Elihu (Job)

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Elihu (Hebrew: אֱלִיהוּא’Elihu) is a man in the Hebrew Bible's Book of Job. He is said to have descended from Guz who may be from the line of Abraham (Genesis 22:20–21 mentions Buz as a nephew of Abraham).

Synopsis of Elihu's monologues[edit]

He is mentioned late in the text (chapter 32), and opens his discourse with more modesty than displayed by the other antagonists. Elihu differs from the others in that his monologues discuss divine providence, which he insists are full of wisdom and mercy. He claims that the righteous have their share of prosperity in this life, no less than the wicked. He teaches that God is supreme, and that one must acknowledge and submit to that supremacy because of God's wisdom. He draws instances of benignity from, for example, the constant wonders of creation and of the seasons. Chapter 32 of the Book of Job is directed at Job's three friends. Chapters 33 through 35:3 consist entirely of Elihu's speech to Job.

Possible pseudonymity of the character[edit]

The speeches of Elihu (who is not mentioned in the prologue) contradict the fundamental opinions expressed by the 'friendly accusers' in the central body of the text, that it is impossible that the righteous should suffer, all pain being a punishment for some sin. Elihu states that suffering may be decreed for the righteous as a protection against greater sin, for moral betterment and warning, and to elicit greater trust and dependence on a merciful, compassionate God in the midst of adversity.

Some question the status of Elihu's interruption and didactic sermon because of his sudden appearance and disappearance from the text.[1] Even scholars who regard the book of Job as a literary composition by a single author tend to see in Elihu’s speeches an early addition or commentary to the original book.[citation needed] He is not mentioned in Job 2:11, in which Job's friends are introduced, nor is he mentioned at all in the epilogue, 42:7–10, in which God expresses anger at Job's friends. He does not say anything that is not said more succinctly by the three original friends or by God, and his speech contains more Aramaisms than the rest of the book.[citation needed]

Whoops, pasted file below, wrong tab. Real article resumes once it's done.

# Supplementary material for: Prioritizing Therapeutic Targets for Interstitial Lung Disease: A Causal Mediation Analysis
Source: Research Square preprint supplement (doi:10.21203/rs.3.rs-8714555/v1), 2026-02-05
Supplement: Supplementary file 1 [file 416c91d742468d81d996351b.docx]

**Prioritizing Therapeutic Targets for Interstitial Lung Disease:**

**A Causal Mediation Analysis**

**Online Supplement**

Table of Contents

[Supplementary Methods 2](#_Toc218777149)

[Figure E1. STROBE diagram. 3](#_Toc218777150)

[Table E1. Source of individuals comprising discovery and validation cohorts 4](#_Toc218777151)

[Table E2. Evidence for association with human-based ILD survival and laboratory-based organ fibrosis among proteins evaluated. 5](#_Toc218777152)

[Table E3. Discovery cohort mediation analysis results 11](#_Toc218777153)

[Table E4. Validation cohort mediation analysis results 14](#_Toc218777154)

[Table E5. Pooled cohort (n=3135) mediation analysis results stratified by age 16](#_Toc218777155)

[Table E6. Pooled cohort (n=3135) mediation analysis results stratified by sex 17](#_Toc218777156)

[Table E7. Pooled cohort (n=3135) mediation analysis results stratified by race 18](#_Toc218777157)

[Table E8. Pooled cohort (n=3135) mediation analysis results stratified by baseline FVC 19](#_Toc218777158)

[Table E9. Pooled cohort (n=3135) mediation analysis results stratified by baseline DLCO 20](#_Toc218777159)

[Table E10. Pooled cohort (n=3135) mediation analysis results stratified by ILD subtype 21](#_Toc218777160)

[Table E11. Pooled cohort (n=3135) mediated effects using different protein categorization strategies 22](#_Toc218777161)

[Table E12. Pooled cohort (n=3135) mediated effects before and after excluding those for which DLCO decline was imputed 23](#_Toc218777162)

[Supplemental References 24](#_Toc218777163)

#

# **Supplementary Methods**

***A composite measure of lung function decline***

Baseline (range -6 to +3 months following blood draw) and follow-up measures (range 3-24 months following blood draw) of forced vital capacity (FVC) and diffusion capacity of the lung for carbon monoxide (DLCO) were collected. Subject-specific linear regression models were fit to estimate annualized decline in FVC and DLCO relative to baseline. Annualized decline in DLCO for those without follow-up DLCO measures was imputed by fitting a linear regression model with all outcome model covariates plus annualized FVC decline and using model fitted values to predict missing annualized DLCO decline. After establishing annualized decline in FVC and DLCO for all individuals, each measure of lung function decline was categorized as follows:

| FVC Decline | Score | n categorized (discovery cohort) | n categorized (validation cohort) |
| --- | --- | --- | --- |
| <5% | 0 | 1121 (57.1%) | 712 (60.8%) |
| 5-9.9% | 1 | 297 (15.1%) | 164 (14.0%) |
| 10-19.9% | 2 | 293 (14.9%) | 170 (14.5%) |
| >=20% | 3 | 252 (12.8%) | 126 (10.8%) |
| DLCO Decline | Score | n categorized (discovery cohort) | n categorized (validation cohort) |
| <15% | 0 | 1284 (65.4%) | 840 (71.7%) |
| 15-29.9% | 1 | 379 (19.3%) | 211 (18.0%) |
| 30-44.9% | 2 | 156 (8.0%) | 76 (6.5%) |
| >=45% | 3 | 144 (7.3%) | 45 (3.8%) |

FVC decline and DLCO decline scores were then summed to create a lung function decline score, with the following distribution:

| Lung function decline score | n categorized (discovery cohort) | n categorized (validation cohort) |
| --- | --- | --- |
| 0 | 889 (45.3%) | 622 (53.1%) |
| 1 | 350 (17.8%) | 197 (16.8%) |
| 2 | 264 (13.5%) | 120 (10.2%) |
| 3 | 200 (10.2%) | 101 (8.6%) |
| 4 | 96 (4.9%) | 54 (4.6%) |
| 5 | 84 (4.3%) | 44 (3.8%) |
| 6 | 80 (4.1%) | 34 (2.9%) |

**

Elihu's preface in chapter 32 indicates that he has been listening intently to the conversation between Job and the other three men. He also admits his status as one who is not an elder (32:6–7.) As Elihu's monologue reveals, his anger against the three older men was so strong he could not contain himself (32:2–4.)

Elihu's speech finishes abruptly at the end of Chapter 37.

Possible authorship[edit]

According to Albert Barnes, Lightfoot and others believed that the Book of Job was written by Elihu.[2]

See also[edit]


  1. ^ Harley, John E. The Book of Job, Pages 28–29. (Wm. B. Eerdman Publishing Company, 1988)
  2. ^ Notes, critical, illustrative and practical, on the Book of Job: With a new translation, and an introductory dissertation by Albert Barnes: Carefully revised and compared with the last American edition by John Cumming. Routledge. 1847. p. 37.